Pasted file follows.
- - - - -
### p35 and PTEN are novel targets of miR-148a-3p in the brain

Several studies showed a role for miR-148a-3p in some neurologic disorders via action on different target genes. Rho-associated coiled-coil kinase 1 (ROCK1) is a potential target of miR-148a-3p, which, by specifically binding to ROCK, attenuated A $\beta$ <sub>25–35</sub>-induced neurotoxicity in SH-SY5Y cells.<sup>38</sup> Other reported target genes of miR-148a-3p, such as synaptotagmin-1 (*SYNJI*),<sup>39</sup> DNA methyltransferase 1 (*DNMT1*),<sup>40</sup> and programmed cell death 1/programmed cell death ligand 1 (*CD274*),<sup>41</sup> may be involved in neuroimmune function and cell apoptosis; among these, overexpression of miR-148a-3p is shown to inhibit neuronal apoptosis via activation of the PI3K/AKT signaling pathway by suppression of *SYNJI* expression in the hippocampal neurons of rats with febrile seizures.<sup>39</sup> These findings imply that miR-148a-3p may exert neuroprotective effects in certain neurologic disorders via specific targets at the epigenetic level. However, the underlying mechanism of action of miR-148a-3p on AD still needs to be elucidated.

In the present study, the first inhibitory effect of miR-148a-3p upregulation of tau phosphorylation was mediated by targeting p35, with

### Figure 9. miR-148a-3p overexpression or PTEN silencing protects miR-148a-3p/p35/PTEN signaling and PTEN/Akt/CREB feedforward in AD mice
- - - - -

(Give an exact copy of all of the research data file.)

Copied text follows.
### p35 and PTEN are novel targets of miR-148a-3p in the brain

Several studies showed a role for miR-148a-3p in some neurologic disorders via action on different target genes. Rho-associated coiled-coil kinase 1 (ROCK1) is a potential target of miR-148a-3p, which, by specifically binding to ROCK, attenuated A $\beta$ <sub>25–35</sub>-induced neurotoxicity in SH-SY5Y cells.<sup>38</sup> Other reported target genes of miR-148a-3p, such as synaptotagmin-1 (*SYNJI*),<sup>39</sup> DNA methyltransferase 1 (*DNMT1*),<sup>40</sup> and programmed cell death 1/programmed cell death ligand 1 (*CD274*),<sup>41</sup> may be involved in neuroimmune function and cell apoptosis; among these, overexpression of miR-148a-3p is shown to inhibit neuronal apoptosis via activation of the PI3K/AKT signaling pathway by suppression of *SYNJI* expression in the hippocampal neurons of rats with febrile seizures.<sup>39</sup> These findings imply that miR-148a-3p may exert neuroprotective effects in certain neurologic disorders via specific targets at the epigenetic level. However, the underlying mechanism of action of miR-148a-3p on AD still needs to be elucidated.

In the present study, the first inhibitory effect of miR-148a-3p upregulation of tau phosphorylation was mediated by targeting p35, with

### Figure 9. miR-148a-3p overexpression or PTEN silencing protects miR-148a-3p/p35/PTEN signaling and PTEN/Akt/CREB feedforward in AD mice